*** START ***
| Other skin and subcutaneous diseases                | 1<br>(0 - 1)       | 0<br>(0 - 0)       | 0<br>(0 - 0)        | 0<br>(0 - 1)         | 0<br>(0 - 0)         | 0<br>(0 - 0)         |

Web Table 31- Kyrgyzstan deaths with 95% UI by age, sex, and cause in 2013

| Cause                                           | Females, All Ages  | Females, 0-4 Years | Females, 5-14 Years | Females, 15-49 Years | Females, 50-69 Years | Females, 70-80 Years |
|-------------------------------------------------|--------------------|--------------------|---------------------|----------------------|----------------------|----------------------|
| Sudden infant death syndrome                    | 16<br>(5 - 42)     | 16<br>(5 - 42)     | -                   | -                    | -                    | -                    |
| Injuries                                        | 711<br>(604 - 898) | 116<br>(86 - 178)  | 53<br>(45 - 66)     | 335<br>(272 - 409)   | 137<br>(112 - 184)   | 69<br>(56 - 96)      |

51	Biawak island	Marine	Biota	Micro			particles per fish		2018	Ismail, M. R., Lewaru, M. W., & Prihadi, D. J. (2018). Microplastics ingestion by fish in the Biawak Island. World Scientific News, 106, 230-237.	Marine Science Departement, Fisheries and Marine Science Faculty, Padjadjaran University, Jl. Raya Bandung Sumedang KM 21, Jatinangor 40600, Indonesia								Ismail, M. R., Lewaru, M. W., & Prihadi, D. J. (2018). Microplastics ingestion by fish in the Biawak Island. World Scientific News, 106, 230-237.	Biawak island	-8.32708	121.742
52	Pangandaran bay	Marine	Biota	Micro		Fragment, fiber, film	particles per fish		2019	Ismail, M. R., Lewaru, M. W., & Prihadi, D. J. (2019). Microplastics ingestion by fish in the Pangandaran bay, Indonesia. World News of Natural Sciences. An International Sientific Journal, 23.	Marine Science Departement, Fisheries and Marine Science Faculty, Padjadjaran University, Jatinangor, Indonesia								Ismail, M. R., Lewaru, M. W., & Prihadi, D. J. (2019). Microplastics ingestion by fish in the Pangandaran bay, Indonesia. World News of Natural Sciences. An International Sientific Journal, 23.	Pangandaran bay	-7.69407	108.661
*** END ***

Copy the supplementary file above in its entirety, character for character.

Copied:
| Other skin and subcutaneous diseases                | 1<br>(0 - 1)       | 0<br>(0 - 0)       | 0<br>(0 - 0)        | 0<br>(0 - 1)         | 0<br>(0 - 0)         | 0<br>(0 - 0)         |

Web Table 31- Kyrgyzstan deaths with 95% UI by age, sex, and cause in 2013

| Cause                                           | Females, All Ages  | Females, 0-4 Years | Females, 5-14 Years | Females, 15-49 Years | Females, 50-69 Years | Females, 70-80 Years |
|-------------------------------------------------|--------------------|--------------------|---------------------|----------------------|----------------------|----------------------|
| Sudden infant death syndrome                    | 16<br>(5 - 42)     | 16<br>(5 - 42)     | -                   | -                    | -                    | -                    |
| Injuries                                        | 711<br>(604 - 898) | 116<br>(86 - 178)  | 53<br>(45 - 66)     | 335<br>(272 - 409)   | 137<br>(112 - 184)   | 69<br>(56 - 96)      |

51	Biawak island	Marine	Biota	Micro			particles per fish		2018	Ismail, M. R., Lewaru, M. W., & Prihadi, D. J. (2018). Microplastics ingestion by fish in the Biawak Island. World Scientific News, 106, 230-237.	Marine Science Departement, Fisheries and Marine Science Faculty, Padjadjaran University, Jl. Raya Bandung Sumedang KM 21, Jatinangor 40600, Indonesia								Ismail, M. R., Lewaru, M. W., & Prihadi, D. J. (2018). Microplastics ingestion by fish in the Biawak Island. World Scientific News, 106, 230-237.	Biawak island	-8.32708	121.742
52	Pangandaran bay	Marine	Biota	Micro		Fragment, fiber, film	particles per fish		2019	Ismail, M. R., Lewaru, M. W., & Prihadi, D. J. (2019). Microplastics ingestion by fish in the Pangandaran bay, Indonesia. World News of Natural Sciences. An International Sientific Journal, 23.	Marine Science Departement, Fisheries and Marine Science Faculty, Padjadjaran University, Jatinangor, Indonesia								Ismail, M. R., Lewaru, M. W., & Prihadi, D. J. (2019). Microplastics ingestion by fish in the Pangandaran bay, Indonesia. World News of Natural Sciences. An International Sientific Journal, 23.	Pangandaran bay	-7.69407	108.661